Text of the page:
When the world came face-to- face with the Covid19 crisis a year ago, we all had to quickly adjust to a “new normal” lifestyle. Among the many privileges that had to be placed on hold for the time being was the freedom to travel abroad. Many people enjoy traveling to a foreign country for different purposes. While some prefer relaxing in beautiful, serene environments near the ocean, others are more interested in visiting cultural, historical sites and getting to know the local culture and its people; regardless of travel styles and preferences, we all look forward to the day when we will be able to travel once again. There is, however, an alternative to physically traveling to a foreign country during this time; and in my opinion, a great way to temporarily escape from reality and immerse ourselves in a different historical period and an unfamiliar culture – reading a historical fiction. A historical fiction is a novel that situates its characters within a specific historical period and context in which a story unfolds during this time; despite the fictional characters and the story being told, however, the cultural, historical backdrop is oftenfactual. By reading a historical fiction, we can travel in “time and space” – in the comfort of our bedrooms, local café, on the subway, etc., – and get to know a new culture, its people, the social, political, historical factors that may have influenced the world in which we now live. Among the numerous historical fictions available, I would like to introduce three books: Number the Stars by Lois Lowry (low-intermediate level), The Kite Runner by Khaled Hosseini (high- intermediate/advanced level) and Pachinko by Min Jin Lee (advanced level).
Number the Stars is a story about a ten-year old girl named Anne Marie who lives in Copenhagen in 1943 during the Holocaust. Anne Marie’s best friend, Ellen, is Jewish and her parents must flee as soon as possible; however, they are unable to take Ellen with them and Anne Marie’s family allows Ellen to stay with them, placing the whole family in danger. The story is based on the Danish Resistance – a nationwide plan that helped the entire Jewish population in Denmark to successfully escape to Sweden during this time. The second book is The Kite Runner which takes place in Afghanistan and tells the story of a boy named Amir during the 1970s when the nation’s monarchy falls and becomes subject to Russian intervention. In addition to discovering the shocking events that subsequently lead to the rise of the Taliban regime, Amir tells a poignant story of what it means to forgive and to be forgiven – a universal theme that speaks to all of us, regardless of the cultural, historical context in which we live. Finally, Pachinko tells the story of Korean immigrants living in Japan during the 1900s when Korea was under Japanese occupation. Although most Koreans are familiar with the main historical events that took place during this time, Pachinko allows the reader to gain an intimate perspective to what it was like for Koreans living in Japan at the time.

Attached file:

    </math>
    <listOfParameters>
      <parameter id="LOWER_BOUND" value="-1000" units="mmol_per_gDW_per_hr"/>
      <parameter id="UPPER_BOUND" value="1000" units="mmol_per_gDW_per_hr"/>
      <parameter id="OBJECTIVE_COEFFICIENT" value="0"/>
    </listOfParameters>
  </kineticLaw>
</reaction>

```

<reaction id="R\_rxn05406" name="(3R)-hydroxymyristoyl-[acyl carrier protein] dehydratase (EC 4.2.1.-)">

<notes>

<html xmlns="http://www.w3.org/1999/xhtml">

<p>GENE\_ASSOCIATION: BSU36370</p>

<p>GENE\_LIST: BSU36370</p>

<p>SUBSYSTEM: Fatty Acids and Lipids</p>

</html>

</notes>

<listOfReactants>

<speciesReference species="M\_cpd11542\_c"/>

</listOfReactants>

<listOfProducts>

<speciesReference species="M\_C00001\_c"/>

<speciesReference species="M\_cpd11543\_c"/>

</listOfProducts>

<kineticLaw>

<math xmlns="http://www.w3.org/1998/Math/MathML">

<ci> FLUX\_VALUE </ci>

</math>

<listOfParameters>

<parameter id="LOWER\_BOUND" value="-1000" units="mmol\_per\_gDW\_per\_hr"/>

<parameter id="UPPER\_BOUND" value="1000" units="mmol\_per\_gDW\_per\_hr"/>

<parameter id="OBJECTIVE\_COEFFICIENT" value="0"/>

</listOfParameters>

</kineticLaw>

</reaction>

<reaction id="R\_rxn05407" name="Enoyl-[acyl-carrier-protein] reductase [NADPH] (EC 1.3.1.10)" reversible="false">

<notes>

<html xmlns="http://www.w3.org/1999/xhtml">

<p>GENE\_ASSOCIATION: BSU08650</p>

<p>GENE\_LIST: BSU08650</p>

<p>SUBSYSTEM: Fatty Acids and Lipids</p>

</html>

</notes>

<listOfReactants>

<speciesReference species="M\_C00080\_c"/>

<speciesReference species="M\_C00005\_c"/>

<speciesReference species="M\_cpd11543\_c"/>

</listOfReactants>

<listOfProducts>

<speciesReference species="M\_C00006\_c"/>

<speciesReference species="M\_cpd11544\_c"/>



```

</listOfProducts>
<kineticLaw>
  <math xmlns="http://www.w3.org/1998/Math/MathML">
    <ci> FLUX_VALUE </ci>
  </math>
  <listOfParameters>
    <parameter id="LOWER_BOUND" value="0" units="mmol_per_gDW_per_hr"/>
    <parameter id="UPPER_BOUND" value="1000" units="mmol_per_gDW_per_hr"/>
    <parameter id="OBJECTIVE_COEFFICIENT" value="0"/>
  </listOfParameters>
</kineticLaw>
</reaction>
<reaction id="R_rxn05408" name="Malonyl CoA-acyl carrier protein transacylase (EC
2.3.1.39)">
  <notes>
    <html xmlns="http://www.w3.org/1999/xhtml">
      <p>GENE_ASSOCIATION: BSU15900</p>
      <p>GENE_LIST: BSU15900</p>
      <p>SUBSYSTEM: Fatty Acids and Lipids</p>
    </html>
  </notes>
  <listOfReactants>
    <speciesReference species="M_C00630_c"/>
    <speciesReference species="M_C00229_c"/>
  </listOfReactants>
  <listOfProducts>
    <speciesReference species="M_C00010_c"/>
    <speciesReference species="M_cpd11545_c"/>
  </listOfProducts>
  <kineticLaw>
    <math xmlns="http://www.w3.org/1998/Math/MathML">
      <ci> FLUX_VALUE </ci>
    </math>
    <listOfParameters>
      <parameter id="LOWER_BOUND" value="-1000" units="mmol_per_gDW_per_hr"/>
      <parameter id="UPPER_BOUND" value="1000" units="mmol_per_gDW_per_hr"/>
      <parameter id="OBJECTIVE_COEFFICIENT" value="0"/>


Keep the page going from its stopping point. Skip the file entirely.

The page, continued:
We may not be able to travel to every part of the world in our life time but we can travel in time and space by reading. Indeed, reading a novel may not sound as exciting as traveling to a foreign country. However, the benefits of reading extensively are unsurpassable: improving language skills, developing critical thinking skills, gaining historical, cultural insights, developing a new perspective toward ourselves and the world around us, to name just a few; and perhaps more importantly, learning to be responsible global citizens as the world braces itself for the post-corona era and the emergence of the fourth industrial revolution – a critical period in which it is becoming increasingly important for us to discover what it means to be a “decent human being.”